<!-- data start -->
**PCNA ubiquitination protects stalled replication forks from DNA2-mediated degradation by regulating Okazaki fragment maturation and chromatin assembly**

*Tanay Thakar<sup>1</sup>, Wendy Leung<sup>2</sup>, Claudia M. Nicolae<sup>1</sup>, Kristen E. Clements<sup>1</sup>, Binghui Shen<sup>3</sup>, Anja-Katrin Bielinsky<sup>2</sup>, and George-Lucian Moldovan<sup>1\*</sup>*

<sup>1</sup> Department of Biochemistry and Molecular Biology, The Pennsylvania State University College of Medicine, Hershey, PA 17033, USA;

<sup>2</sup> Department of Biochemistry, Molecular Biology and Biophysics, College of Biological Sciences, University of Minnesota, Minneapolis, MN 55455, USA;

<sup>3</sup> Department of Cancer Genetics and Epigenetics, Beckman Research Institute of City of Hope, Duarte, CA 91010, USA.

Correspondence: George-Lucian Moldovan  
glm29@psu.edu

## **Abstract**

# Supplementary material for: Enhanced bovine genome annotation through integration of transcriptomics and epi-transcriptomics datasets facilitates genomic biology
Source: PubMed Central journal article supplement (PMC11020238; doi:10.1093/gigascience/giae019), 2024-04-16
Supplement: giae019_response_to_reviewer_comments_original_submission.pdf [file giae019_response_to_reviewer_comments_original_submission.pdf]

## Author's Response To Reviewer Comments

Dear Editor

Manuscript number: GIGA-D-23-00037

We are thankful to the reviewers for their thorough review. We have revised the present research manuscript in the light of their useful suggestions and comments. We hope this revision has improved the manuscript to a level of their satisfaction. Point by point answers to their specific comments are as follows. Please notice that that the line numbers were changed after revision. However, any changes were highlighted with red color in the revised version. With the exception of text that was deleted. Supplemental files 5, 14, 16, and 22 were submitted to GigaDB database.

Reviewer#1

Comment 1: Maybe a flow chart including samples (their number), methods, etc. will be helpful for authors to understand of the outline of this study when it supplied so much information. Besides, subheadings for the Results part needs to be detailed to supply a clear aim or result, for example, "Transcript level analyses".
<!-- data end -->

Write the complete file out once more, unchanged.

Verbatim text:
**PCNA ubiquitination protects stalled replication forks from DNA2-mediated degradation by regulating Okazaki fragment maturation and chromatin assembly**

*Tanay Thakar<sup>1</sup>, Wendy Leung<sup>2</sup>, Claudia M. Nicolae<sup>1</sup>, Kristen E. Clements<sup>1</sup>, Binghui Shen<sup>3</sup>, Anja-Katrin Bielinsky<sup>2</sup>, and George-Lucian Moldovan<sup>1\*</sup>*

<sup>1</sup> Department of Biochemistry and Molecular Biology, The Pennsylvania State University College of Medicine, Hershey, PA 17033, USA;

<sup>2</sup> Department of Biochemistry, Molecular Biology and Biophysics, College of Biological Sciences, University of Minnesota, Minneapolis, MN 55455, USA;

<sup>3</sup> Department of Cancer Genetics and Epigenetics, Beckman Research Institute of City of Hope, Duarte, CA 91010, USA.

Correspondence: George-Lucian Moldovan  
glm29@psu.edu

## **Abstract**

# Supplementary material for: Enhanced bovine genome annotation through integration of transcriptomics and epi-transcriptomics datasets facilitates genomic biology
Source: PubMed Central journal article supplement (PMC11020238; doi:10.1093/gigascience/giae019), 2024-04-16
Supplement: giae019_response_to_reviewer_comments_original_submission.pdf [file giae019_response_to_reviewer_comments_original_submission.pdf]

## Author's Response To Reviewer Comments

Dear Editor

Manuscript number: GIGA-D-23-00037

We are thankful to the reviewers for their thorough review. We have revised the present research manuscript in the light of their useful suggestions and comments. We hope this revision has improved the manuscript to a level of their satisfaction. Point by point answers to their specific comments are as follows. Please notice that that the line numbers were changed after revision. However, any changes were highlighted with red color in the revised version. With the exception of text that was deleted. Supplemental files 5, 14, 16, and 22 were submitted to GigaDB database.

Reviewer#1

Comment 1: Maybe a flow chart including samples (their number), methods, etc. will be helpful for authors to understand of the outline of this study when it supplied so much information. Besides, subheadings for the Results part needs to be detailed to supply a clear aim or result, for example, "Transcript level analyses".